Sleep Plays Important Role in Chronic Disease: Report
-- Robert Preidt
WEDNESDAY, July 14 (HealthDay News) -- Too much or too little sleep may increase your risk of developing chronic conditions such as obesity, diabetes, high blood pressure and cardiovascular disease, research shows.
"Seven to eight hours of sleep each night appears to be the ideal amount to maximize health benefits and minimize cardiometabolic disease risks," co-lead author Orfeu Buxton, a researcher in the sleep medicine division at Brigham and Women's Hospital (BWH) in Boston, said in a joint news release from BWH and San Diego State University (SDSU).
Buxton and colleagues analyzed data from 56,507 American adults who took part in the National Health Interview Survey and found that, compared with sleeping between seven and eight hours a night, sleeping less than six hours and more than nine hours was associated with increased risk for chronic conditions, including obesity, diabetes and high blood pressure.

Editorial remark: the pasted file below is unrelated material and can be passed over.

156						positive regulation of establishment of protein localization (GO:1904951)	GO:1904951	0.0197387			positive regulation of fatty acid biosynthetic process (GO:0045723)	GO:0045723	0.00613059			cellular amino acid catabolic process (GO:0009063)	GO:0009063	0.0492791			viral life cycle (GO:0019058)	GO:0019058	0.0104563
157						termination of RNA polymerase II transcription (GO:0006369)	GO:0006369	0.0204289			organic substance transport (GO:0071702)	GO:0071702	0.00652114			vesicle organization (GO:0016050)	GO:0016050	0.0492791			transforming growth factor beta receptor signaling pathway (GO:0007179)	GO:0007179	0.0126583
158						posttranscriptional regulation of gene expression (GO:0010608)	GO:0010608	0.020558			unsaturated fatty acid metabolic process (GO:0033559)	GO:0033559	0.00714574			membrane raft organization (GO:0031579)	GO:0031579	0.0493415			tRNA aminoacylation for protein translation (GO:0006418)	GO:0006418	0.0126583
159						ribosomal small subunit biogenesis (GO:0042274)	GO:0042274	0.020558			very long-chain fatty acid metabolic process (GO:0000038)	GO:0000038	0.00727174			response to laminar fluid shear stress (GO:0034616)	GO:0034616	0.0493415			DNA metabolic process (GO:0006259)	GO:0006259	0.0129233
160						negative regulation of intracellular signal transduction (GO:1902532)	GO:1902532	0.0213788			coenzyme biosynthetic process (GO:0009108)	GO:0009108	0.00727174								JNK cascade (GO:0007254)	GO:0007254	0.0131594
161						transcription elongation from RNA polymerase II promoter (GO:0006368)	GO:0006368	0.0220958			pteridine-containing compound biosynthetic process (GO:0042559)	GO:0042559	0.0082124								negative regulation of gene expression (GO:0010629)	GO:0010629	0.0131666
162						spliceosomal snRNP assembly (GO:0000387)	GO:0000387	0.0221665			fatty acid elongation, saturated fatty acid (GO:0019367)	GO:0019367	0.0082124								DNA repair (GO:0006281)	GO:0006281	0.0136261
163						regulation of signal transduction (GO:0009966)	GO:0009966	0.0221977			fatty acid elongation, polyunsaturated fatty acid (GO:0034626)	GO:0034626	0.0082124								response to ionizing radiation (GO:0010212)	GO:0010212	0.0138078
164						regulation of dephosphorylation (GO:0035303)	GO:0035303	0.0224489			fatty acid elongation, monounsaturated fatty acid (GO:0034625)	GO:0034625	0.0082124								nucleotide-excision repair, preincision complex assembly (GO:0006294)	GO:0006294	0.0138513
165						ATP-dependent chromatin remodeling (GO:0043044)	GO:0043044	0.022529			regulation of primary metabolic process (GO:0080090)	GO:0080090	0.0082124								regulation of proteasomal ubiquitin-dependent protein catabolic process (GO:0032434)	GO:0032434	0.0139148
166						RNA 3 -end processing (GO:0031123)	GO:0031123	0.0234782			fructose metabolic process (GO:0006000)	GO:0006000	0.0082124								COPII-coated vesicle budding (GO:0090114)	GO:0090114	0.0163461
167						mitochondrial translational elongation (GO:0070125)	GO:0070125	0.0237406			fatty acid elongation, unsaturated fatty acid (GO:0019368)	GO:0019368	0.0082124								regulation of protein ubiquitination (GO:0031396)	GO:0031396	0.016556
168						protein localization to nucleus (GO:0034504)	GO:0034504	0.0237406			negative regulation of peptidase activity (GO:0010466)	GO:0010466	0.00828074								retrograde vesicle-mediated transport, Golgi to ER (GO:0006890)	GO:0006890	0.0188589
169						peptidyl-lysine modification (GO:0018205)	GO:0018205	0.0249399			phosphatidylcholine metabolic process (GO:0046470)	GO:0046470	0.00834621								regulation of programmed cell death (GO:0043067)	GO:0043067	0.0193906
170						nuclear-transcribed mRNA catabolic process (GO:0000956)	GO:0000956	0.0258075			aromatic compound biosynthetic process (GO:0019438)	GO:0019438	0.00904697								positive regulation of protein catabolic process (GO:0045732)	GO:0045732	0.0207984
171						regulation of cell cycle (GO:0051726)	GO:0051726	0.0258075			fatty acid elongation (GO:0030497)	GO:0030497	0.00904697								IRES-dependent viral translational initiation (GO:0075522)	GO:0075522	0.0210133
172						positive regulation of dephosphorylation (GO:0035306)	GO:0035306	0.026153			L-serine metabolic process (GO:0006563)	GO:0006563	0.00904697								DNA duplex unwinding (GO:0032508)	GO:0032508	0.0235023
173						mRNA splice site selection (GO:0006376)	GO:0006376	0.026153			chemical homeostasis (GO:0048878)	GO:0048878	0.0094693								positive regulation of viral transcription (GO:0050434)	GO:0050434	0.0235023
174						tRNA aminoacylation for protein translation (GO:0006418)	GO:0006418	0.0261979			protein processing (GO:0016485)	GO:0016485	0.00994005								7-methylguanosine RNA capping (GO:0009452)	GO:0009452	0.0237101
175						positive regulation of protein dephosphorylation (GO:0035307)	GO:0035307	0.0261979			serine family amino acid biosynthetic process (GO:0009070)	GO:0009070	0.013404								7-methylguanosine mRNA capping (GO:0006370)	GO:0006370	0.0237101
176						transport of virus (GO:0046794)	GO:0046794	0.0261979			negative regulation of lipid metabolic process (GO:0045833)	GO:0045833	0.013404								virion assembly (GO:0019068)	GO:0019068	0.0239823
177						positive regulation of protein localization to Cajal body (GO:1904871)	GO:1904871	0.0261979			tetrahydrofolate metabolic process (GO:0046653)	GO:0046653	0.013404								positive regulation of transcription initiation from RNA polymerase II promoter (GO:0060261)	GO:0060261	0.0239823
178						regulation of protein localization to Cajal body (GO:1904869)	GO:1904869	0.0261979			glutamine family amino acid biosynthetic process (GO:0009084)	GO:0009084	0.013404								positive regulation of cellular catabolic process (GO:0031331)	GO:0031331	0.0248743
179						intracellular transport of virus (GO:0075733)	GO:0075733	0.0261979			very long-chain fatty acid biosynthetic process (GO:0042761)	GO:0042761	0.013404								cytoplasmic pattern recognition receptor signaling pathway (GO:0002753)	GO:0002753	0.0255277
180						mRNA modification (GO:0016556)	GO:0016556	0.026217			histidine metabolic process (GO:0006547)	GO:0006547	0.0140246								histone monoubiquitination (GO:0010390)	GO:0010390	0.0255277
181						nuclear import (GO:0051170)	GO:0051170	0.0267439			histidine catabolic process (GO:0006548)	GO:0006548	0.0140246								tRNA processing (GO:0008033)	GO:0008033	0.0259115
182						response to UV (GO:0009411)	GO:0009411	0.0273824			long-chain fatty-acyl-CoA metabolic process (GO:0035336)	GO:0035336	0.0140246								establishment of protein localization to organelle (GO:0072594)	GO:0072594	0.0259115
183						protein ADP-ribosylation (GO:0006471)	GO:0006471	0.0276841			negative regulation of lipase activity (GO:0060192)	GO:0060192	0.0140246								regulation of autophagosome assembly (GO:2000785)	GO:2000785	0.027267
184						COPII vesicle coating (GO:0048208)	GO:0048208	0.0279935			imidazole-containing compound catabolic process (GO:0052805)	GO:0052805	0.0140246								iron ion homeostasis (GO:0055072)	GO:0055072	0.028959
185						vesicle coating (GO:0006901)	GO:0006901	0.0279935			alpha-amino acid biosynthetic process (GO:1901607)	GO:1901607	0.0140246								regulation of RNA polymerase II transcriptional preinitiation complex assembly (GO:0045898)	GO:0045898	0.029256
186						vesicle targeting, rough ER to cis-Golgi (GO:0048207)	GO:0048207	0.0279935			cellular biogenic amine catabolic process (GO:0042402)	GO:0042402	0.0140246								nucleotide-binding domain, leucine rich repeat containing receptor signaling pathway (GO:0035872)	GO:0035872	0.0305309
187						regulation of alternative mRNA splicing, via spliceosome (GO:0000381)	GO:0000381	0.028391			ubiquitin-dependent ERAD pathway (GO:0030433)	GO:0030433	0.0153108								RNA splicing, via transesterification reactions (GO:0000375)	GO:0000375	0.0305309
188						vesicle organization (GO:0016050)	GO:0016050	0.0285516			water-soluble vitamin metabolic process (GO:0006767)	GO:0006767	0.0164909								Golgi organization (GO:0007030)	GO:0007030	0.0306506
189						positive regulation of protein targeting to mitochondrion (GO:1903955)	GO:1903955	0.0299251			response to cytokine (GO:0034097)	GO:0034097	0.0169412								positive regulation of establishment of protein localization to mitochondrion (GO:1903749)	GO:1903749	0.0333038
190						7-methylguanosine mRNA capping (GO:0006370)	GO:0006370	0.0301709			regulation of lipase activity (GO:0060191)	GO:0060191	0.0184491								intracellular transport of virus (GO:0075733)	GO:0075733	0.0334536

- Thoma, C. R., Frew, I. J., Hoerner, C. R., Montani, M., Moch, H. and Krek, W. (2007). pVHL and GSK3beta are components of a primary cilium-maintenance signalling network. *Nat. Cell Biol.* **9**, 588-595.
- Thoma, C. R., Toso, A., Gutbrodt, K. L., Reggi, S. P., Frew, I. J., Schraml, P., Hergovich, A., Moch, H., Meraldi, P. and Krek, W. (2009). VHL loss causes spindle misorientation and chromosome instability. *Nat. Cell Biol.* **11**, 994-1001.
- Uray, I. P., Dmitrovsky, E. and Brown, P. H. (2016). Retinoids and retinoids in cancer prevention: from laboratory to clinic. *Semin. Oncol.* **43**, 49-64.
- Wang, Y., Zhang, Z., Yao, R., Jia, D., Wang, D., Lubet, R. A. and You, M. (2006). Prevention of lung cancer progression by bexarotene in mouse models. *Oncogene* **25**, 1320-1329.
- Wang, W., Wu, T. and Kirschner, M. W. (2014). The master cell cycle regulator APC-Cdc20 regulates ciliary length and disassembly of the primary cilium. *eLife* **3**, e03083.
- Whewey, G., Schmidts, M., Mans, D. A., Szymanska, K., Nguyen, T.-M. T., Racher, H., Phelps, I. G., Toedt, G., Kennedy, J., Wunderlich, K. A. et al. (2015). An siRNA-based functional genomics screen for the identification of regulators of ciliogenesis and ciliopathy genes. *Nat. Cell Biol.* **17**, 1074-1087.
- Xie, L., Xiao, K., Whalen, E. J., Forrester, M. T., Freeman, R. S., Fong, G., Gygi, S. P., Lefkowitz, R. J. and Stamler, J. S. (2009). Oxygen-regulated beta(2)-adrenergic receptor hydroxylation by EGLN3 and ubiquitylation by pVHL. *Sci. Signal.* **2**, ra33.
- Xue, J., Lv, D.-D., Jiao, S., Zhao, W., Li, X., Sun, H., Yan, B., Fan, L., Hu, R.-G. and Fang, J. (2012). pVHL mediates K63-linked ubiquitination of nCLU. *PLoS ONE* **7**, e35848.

The study was released online in advance of publication in the print edition of the journal Social Science & Medicine.
"Obesity, diabetes and cardiovascular disease are among the leading causes of death in the United States," co-lead author Enrico Marcelli, an associate professor in the sociology department and the Institute for Behavioral and Community Health Studies at SDSU, said in the news release. "These findings emphasize the important role sleep plays in the health of Americans, and indicate that sleep may have a larger influence on these chronic diseases than diet or exercise."
The U.S. Centers for Disease Control and Prevention has more about http://www.cdc.gov/sleep/chronic_disease.htm.
Copyright © 2010 http://www.healthday.com/. All rights reserved.
The information in this article, including reference materials, are provided to you solely for educational or research purposes. Information in reference materials, are not and should not be considered professional health care advice upon which you should rely. Health care information changes rapidly and consequently, information in this article may be out of date. Questions about personal health should always be referred to a physician or other health care professional.